I thoroughly enjoyed your presentation today and found myself chuckling as I was reminded of miscommunications between myself and the men in my life.
My question is: I am the mother of 2 girls, ages 5 and 3. As a mother are there things I can do to help them “speak their truth”. Already at such young ages, I see the differences in gender communication/gender actions between the girls and the boys. As much as it is fascinating, it is also frightening as I know how hard it is to “ask for what I want”, “gain credibility in a male dominated world” and “have purposeful conversations with my very male minded husband”.
I’m interested in your opinions as a professional and as a mother.
Dear Mindfull Mama,
Yes, having raised two daughters myself, I can appreciate your concerns. Here are a few things I was conscious to do in my parenting that I believe could benefit both boys and girls:
1. Always phrased my requests in the positive. I believe one of the things women, in particular, have a tendency to do is tell people what we don’t want, rather than ever stating exactly what we do. So, I was the mother around the pool yelling, “Please walk” vs. “don’t run”. When we would walk in a store I would say, “Use your eyes vs. Don’t touch.” This may not sound like a gender issue, but I wanted my daughters to be able to articulate and ask for what they wanted, rather than just complain about what wasn’t working. If they were really wound up perhaps complaining about their sibling or some situation, I would ask, “What do you want?” or What do you want me to do? In other words, getting them to be direct and focus their requests.
2. I didn’t allow them to say, “I don’t know” too often. Do you want milk or water for dinner? “I don’t know.” I would respond, “Well, I don’t know means no in this house, so when you figure it out let me know.” Then I wouldn’t do anything until they claimed it. Too often, as girls get to be preteens, I don’t know becomes a powerful part of their vocabulary as they’re looking to others to help them make decisions or in their desire to go along with the crowd they stop stating their preferences. I make them claim it or they don’t get it.
3. Having said that, from a very young age I would have them order their own food even at a McDonalds counter. Use your voice. They gave out little ice cream cones at my playland when the girls were young for free, but you had to ask. I went with them the first few times, but after that I had them go on their own and I would watch from a distance. In the beginning they were shy, didn’t want to, felt uncomfortable, etc., My response, “Well, then you just don’t want that ice cream cone badly enough” and I would NOT get it for them. I knew they could. When they finally broke down and did it, I made a BIG deal of how proud I was, etc. telling everyone in front of them so they could own it.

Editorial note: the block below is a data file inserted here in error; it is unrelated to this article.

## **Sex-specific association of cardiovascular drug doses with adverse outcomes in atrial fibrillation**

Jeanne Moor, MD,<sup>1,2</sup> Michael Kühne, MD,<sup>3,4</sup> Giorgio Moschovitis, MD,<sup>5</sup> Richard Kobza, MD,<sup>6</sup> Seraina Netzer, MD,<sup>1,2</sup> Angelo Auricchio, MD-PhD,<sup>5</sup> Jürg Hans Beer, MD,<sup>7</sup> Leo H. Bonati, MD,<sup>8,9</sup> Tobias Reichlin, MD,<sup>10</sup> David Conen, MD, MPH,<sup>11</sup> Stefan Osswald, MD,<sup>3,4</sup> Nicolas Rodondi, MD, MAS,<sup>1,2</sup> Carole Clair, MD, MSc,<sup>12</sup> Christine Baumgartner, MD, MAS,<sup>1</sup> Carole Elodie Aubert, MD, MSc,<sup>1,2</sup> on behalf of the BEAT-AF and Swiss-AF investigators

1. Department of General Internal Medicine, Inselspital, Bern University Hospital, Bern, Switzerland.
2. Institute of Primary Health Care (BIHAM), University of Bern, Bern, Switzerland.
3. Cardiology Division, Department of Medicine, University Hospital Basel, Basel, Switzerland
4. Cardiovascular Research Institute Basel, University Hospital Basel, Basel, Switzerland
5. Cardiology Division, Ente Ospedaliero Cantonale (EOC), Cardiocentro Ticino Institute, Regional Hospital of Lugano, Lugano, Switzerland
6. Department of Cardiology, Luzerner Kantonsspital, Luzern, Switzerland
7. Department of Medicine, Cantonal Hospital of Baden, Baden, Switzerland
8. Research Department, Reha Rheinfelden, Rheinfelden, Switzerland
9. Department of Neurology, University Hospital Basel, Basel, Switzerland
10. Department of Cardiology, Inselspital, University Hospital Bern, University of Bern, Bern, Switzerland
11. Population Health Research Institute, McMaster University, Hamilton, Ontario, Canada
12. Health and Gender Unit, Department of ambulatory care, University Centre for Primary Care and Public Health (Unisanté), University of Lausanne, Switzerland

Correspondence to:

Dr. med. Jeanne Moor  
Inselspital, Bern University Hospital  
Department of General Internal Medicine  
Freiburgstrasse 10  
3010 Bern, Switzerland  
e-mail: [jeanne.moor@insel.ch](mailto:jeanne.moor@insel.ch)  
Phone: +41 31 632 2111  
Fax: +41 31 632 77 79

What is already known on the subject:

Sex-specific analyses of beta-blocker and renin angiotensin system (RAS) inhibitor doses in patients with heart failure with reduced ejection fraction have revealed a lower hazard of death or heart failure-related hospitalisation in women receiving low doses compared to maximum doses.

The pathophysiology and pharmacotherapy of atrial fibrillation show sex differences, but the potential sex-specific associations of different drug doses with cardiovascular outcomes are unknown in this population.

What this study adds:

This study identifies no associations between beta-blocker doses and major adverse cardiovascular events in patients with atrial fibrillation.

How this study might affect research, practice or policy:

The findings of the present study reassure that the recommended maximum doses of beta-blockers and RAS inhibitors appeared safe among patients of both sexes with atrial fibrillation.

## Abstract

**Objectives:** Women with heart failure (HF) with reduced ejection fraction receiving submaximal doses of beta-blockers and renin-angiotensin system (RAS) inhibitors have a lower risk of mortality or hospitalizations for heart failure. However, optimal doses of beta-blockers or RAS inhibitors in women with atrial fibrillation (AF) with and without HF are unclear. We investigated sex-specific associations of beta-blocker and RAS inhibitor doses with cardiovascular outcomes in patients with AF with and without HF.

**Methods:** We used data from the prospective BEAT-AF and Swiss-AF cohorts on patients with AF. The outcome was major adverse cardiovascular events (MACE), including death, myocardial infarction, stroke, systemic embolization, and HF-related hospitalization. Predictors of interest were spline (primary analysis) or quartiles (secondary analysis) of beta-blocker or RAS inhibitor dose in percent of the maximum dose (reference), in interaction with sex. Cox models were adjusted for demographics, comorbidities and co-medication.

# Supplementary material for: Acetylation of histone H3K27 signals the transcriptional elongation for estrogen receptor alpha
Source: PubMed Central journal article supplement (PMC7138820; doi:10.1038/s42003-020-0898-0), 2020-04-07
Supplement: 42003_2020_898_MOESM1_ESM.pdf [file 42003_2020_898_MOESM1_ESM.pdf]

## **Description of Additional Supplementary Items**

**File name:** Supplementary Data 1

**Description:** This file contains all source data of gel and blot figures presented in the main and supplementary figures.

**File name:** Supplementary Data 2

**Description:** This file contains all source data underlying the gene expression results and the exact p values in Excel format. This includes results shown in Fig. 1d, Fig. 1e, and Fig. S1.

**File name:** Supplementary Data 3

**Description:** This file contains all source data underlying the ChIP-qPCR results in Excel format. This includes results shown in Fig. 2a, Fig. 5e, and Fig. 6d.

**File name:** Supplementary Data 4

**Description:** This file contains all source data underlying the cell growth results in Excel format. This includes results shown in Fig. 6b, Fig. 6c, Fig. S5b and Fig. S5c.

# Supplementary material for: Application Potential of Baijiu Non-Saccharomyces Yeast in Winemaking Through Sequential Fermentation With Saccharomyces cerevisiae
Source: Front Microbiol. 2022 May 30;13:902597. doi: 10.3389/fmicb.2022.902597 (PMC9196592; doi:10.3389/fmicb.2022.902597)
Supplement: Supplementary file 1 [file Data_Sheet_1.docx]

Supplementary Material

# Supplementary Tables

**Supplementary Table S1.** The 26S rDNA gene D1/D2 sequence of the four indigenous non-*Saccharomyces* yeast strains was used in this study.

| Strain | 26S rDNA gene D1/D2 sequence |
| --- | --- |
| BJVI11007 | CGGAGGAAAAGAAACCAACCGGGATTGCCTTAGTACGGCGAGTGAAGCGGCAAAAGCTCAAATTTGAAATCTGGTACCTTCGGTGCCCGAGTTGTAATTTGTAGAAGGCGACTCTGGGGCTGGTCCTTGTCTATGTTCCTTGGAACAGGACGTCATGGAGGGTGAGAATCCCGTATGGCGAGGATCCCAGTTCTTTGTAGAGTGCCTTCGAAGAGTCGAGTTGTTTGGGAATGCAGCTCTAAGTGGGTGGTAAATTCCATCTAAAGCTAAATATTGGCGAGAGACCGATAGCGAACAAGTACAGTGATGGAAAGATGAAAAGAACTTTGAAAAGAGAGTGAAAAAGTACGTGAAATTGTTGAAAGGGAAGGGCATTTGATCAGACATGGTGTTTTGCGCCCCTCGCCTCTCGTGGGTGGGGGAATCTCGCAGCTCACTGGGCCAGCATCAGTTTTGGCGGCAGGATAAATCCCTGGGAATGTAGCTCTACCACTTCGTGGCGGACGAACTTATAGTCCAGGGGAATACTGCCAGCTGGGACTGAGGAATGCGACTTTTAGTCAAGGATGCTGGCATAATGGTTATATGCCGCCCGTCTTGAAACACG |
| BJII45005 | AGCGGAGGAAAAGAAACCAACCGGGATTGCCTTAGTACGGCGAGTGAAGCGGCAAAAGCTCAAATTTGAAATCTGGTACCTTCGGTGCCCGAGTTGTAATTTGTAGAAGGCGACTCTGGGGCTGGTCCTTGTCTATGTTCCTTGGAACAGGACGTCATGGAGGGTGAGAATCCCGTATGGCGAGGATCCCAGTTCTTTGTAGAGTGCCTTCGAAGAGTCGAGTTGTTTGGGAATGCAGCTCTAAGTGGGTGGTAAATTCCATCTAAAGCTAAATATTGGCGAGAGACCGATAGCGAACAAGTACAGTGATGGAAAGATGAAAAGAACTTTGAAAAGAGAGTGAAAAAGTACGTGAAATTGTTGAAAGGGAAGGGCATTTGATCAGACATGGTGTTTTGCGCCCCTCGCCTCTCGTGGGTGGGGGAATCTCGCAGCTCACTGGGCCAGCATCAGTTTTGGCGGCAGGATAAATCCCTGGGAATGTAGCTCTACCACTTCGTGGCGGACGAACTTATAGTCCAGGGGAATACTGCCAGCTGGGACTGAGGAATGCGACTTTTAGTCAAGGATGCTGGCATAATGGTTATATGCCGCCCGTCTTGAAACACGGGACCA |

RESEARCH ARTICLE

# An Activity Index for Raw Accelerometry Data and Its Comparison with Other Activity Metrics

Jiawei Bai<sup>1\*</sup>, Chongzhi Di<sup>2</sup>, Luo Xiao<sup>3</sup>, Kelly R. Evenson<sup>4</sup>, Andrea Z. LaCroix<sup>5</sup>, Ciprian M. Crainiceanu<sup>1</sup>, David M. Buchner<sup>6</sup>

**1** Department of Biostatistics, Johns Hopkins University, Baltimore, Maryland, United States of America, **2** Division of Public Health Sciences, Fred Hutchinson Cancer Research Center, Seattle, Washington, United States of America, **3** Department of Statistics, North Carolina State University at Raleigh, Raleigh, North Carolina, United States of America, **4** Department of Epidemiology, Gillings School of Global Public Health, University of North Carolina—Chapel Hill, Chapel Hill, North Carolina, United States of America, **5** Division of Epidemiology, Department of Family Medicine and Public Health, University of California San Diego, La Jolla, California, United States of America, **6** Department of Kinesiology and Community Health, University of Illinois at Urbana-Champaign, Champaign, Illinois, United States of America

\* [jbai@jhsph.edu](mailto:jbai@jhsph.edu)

4. Didn’t stop them from bragging within the family or being competitive – wasn’t harping all the time to “play nice” but rather “play fairly.”
5. Never said phrases such as, “Act like a lady” but simply encouraged and modeled good manners. If they asked for the special flower on the cake, I might say, “If no one else wants to share it with you, I’d be happy to give it to you and then check with her sibling. My own mother would say, “You get what you get and be thankful!” I have some of that attitude about some things that are more important, but I don’t want them to not ask for what they want. I don’t always give it to them, either, because we don’t always get what we ask for!
6. Constantly telling them stories about strong women who have taken risks by asking for what they wanted since they knew the worst answer they could hear was no – and that’s where they were already.
These are just a few ideas that popped into my mind. I hope these help, or at a minimum get you started.